Several examples of this phenomenon come to mind. A girl named Sasha Gomez stole a cell phone she found in a cab. When the phone's original owner logged into her online account, she found pictures of Gomez and her instant messenger username. This information, of course, made finding further information easier. After asking Gomez to return the phone over instant messenger failed, someone created a website explaining what had happened with pictures of Gomez. The website began to spread virally, and soon enough a massive network of individuals had obtained her e-mail, social networking pages, and even home address, and a campaign to make her life miserable grew until she returned the stolen phone. Prior to the internet, even if she had been discovered as the thief, it would have been difficult to discern much of Gomez's identity from nothing more than a face and a nickname.
A similar story concerns a teenage boy who posted a video of him abusing his cat, dusty. In the video, he even used a fake name, seemingly to conceal his identity, however, users of the 4chan message board found his identity, and posted his and his parents' personal information, including both home and work addresses and phone numbers, in public places. The cat was relocated and the young man was charged for animal abuse. A related internet group (of sorts) to the 4chan community, known as Anonymous, hacked into Sarah Palin's e-mail account, leading to a good deal of fallout; Time magazine explained that “After [the] hacks were made public, both private accounts were deleted — an act that could technically constitute destruction of evidence. The Alaska governor could also face charges for conducting official state business using her personal, unarchived e-mail account (a crime); some critics accuse her of skirting freedom-of-information laws in doing so. An Alaska Republican activist is trying to force Palin to release more than 1,100 e-mails she withheld from a public-records request.” The lesson, then, is that secrecy is increasingly impossible in an age of modern information technology.
Some secrets are possible to keep, however, even with today's information technology. Secrets, fundamentally, work like algebra problems, where there is a missing piece that must be found. There are secrets which may never be discovered in the same way that there are equations which it is impossible to fully solve. Just as one cannot solve a problem without being able to find the equation, one cannot find a secret when there is no evidence of that secret (one may keep opinions, thoughts, and beliefs entirely secret simply by not expressing them). This sort of secret has little relation to anyone beyond the person who keeps it, and there's not too much reason for anyone to want to find it. The other type of secret which cannot be discovered is one to which there is no answer, or, rather, no single answer. Try and solve the equation 3 + X + Y = 12. Obviously, one may come to solution very easily, discerning X=4 and Y=5; 3 + 4 + 5 =12. Unfortunately, one may also come to the equally valid solution that X=15 and Y=-6. In fact, the possible solutions are literally infinite. Trying to guess at the secret of a magic trick that may be performed in a limitless number of ways, no matter how easy to guess many of those ways are, is nearly impossible. If one guesses one method, the magician can make one incorrect by using another.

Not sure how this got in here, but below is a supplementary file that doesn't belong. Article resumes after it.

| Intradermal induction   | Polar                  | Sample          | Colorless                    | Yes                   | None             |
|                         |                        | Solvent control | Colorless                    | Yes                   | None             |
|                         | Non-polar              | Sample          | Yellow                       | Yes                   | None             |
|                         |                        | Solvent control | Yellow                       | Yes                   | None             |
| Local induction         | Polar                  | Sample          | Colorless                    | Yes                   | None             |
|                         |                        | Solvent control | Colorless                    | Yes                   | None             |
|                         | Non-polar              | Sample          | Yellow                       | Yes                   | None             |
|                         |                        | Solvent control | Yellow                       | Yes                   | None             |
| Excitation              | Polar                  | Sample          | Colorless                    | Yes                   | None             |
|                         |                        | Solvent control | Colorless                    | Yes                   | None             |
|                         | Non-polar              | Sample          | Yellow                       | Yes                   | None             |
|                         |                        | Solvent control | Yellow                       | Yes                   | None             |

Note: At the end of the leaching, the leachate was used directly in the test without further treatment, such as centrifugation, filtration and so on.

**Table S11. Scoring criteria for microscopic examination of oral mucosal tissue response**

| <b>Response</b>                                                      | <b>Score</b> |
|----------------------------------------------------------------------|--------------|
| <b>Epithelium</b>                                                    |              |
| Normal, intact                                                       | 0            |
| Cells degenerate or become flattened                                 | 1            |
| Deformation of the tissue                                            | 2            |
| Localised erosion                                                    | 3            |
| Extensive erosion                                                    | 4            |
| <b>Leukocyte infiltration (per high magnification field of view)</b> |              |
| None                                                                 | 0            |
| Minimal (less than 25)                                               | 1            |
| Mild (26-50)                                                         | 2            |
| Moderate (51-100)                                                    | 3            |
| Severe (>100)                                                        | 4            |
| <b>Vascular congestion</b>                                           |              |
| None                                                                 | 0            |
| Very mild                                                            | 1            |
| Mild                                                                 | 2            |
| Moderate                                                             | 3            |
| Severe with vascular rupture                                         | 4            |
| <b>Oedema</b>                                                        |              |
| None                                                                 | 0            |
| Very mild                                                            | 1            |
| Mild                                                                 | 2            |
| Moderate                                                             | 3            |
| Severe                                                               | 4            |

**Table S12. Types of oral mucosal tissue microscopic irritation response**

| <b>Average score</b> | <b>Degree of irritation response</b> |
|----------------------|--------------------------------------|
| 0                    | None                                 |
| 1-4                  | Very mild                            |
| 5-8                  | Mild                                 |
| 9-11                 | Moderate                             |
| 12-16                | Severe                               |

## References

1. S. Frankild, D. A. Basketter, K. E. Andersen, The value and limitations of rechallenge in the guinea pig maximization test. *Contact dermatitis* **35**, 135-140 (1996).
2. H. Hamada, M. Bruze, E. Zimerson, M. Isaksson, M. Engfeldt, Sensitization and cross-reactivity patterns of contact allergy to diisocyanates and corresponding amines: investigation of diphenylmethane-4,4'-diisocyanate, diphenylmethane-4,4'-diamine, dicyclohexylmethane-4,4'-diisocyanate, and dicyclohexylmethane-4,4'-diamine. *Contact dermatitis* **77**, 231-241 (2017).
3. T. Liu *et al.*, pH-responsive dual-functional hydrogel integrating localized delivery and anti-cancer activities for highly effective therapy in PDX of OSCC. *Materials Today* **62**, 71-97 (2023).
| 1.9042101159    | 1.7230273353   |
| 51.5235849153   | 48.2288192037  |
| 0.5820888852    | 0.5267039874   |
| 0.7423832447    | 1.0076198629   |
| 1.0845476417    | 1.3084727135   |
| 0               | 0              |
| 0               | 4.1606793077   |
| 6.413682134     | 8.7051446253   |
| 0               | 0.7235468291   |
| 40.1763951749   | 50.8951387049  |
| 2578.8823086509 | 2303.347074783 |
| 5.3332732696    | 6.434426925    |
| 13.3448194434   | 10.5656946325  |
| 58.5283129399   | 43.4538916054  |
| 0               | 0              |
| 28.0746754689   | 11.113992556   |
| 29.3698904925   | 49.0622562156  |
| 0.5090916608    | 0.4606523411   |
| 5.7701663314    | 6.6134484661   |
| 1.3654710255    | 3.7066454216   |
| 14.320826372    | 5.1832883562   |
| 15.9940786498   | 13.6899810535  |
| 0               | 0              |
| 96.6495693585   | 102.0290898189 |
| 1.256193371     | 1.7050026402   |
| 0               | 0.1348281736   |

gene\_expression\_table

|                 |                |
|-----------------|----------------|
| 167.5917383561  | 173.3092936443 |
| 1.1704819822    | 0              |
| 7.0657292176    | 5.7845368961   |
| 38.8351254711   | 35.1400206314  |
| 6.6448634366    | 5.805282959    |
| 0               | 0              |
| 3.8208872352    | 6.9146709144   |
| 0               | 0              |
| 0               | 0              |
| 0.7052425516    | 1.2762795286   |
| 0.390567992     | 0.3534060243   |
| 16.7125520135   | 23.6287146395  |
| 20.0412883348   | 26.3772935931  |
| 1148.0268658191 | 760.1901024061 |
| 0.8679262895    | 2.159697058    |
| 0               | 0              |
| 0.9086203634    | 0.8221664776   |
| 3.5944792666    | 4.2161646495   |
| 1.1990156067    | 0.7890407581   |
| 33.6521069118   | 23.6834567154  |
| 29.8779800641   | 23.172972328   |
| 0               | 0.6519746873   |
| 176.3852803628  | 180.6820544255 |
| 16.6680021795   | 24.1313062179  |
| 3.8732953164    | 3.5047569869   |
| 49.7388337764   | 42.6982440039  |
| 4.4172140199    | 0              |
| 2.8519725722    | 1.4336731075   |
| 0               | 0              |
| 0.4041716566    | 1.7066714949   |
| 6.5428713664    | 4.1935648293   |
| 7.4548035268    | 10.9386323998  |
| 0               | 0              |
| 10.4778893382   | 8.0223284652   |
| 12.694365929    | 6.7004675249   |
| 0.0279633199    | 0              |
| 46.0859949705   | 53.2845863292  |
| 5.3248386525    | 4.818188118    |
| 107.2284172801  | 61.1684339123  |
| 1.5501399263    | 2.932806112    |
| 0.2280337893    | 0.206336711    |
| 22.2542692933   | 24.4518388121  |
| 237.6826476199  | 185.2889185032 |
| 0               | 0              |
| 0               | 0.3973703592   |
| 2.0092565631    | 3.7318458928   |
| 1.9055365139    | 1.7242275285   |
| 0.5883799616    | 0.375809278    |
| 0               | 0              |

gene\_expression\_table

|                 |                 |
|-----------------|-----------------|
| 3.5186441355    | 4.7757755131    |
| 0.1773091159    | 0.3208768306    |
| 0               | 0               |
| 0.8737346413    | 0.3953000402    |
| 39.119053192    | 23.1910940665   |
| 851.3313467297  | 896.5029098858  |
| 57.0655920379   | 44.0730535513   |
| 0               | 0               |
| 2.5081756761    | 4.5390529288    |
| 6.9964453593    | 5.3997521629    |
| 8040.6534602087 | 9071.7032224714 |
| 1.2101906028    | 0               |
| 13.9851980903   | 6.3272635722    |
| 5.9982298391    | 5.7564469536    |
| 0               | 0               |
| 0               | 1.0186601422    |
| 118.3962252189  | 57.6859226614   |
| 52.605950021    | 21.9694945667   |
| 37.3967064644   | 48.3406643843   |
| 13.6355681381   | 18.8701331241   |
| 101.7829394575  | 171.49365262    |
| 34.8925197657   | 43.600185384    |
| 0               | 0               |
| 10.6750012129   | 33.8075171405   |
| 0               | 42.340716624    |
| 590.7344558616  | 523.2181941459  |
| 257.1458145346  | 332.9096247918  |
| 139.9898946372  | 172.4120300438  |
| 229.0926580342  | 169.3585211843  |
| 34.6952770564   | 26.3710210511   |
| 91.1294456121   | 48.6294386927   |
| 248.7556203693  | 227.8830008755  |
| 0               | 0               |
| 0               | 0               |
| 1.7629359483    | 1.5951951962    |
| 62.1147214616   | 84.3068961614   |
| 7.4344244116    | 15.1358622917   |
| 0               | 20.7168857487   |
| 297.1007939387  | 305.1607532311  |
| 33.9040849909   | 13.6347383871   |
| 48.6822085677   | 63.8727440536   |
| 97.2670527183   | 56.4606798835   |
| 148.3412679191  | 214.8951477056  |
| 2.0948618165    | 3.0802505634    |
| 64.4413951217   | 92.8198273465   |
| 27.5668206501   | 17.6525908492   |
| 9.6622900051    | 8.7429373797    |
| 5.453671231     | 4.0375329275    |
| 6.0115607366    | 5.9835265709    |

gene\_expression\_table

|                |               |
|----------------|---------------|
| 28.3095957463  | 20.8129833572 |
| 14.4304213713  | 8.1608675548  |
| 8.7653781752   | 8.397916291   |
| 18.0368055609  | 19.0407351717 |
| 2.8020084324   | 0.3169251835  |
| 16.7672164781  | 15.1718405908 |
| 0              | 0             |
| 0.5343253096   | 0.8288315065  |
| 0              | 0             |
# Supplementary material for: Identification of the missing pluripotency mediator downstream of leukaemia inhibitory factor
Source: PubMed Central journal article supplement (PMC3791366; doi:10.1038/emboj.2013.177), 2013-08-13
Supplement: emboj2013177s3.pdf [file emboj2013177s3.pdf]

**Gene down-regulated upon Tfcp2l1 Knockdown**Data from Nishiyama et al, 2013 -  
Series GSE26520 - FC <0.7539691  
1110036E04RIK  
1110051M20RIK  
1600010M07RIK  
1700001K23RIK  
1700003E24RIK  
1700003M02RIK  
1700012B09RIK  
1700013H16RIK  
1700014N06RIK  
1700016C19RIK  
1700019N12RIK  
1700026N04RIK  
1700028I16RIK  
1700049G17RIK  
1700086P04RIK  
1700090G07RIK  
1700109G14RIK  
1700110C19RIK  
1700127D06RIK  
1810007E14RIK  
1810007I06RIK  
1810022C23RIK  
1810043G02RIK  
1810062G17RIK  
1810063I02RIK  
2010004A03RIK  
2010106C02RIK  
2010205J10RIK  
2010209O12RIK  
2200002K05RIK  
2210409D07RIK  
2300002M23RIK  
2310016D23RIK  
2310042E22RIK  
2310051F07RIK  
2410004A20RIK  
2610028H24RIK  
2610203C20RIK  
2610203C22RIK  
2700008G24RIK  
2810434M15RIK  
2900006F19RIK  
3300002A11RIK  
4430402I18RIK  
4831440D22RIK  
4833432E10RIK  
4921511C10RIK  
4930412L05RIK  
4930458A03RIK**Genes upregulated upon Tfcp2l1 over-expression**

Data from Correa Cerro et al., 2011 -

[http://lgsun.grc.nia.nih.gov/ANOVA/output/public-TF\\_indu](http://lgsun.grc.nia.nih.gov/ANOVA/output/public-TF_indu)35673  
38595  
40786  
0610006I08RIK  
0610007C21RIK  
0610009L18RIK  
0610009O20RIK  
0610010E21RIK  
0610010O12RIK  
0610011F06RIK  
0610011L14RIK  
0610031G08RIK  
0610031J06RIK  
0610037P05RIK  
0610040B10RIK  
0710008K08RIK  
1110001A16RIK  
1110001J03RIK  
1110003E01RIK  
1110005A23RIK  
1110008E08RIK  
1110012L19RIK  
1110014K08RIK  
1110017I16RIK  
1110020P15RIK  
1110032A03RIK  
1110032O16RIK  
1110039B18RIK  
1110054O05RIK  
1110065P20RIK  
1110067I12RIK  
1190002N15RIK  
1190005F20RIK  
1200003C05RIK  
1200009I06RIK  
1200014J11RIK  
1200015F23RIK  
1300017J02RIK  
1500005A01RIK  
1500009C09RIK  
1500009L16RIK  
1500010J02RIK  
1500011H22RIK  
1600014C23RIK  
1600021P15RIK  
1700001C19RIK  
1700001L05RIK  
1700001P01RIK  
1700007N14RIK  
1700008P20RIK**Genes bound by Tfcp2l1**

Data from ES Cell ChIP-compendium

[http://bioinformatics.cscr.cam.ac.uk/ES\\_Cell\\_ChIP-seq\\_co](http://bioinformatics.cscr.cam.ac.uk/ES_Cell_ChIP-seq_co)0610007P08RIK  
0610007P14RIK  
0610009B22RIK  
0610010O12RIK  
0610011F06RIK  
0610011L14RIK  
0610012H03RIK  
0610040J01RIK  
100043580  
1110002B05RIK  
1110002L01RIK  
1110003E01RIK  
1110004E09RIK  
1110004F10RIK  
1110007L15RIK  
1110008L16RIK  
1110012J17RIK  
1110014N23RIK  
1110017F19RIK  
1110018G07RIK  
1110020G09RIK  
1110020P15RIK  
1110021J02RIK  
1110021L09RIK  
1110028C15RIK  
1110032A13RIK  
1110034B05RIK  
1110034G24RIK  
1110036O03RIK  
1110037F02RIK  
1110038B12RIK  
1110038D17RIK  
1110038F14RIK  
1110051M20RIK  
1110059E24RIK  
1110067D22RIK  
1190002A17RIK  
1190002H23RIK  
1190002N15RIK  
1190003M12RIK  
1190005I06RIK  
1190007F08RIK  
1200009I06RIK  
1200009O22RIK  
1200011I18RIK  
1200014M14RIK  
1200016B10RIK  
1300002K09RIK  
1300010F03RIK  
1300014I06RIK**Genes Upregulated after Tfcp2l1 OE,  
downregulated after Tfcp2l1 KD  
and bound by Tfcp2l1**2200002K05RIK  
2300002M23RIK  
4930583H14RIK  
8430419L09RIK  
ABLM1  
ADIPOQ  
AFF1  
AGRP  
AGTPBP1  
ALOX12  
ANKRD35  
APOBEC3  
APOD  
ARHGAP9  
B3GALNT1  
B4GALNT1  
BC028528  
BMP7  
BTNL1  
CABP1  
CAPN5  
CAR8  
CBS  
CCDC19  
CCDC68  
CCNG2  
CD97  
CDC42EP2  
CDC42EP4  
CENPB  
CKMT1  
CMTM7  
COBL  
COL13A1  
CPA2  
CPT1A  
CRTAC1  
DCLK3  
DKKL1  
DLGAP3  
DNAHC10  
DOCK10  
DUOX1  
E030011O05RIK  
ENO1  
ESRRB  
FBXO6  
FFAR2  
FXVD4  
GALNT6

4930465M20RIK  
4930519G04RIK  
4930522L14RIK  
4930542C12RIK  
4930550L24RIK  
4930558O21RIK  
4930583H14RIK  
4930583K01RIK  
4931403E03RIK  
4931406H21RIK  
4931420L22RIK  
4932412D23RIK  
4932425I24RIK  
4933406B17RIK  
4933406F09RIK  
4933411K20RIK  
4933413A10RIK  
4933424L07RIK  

This is demonstrated in the power of groups like the aforementioned Anonymous, who, along with loose affiliates, have been or claimed to be responsible for numerous examples of internet vigilantism and “hacktivism,” along with more commonplace bullying and pranksterism; Anonymous describes itself as “the final boss of the internet,” and takes as one of its many slogans that “none of us are as cruel as all of us,” while another reads “Anonymous is a hydra, constantly moving, constantly changing. Remove one head, and nine replace it.” Its strength is in its collective and amorphous nature, which renders any attempt to determine the identity of anonymous entirely futile. When one boy abuses a cat, one girl steals a phone, or one vice-presidential candidate makes an arguably illegal e-mail account, the secret is easy to find; there is a single correct answer. Finding one identity of Anonymous is meaningless because, as another meme states, “Anonymous has no identity.” Without leaders, formal organization, any clear base of operations, or any set, defined membership, Anonymous really does not have, for any practical purposes, an identity.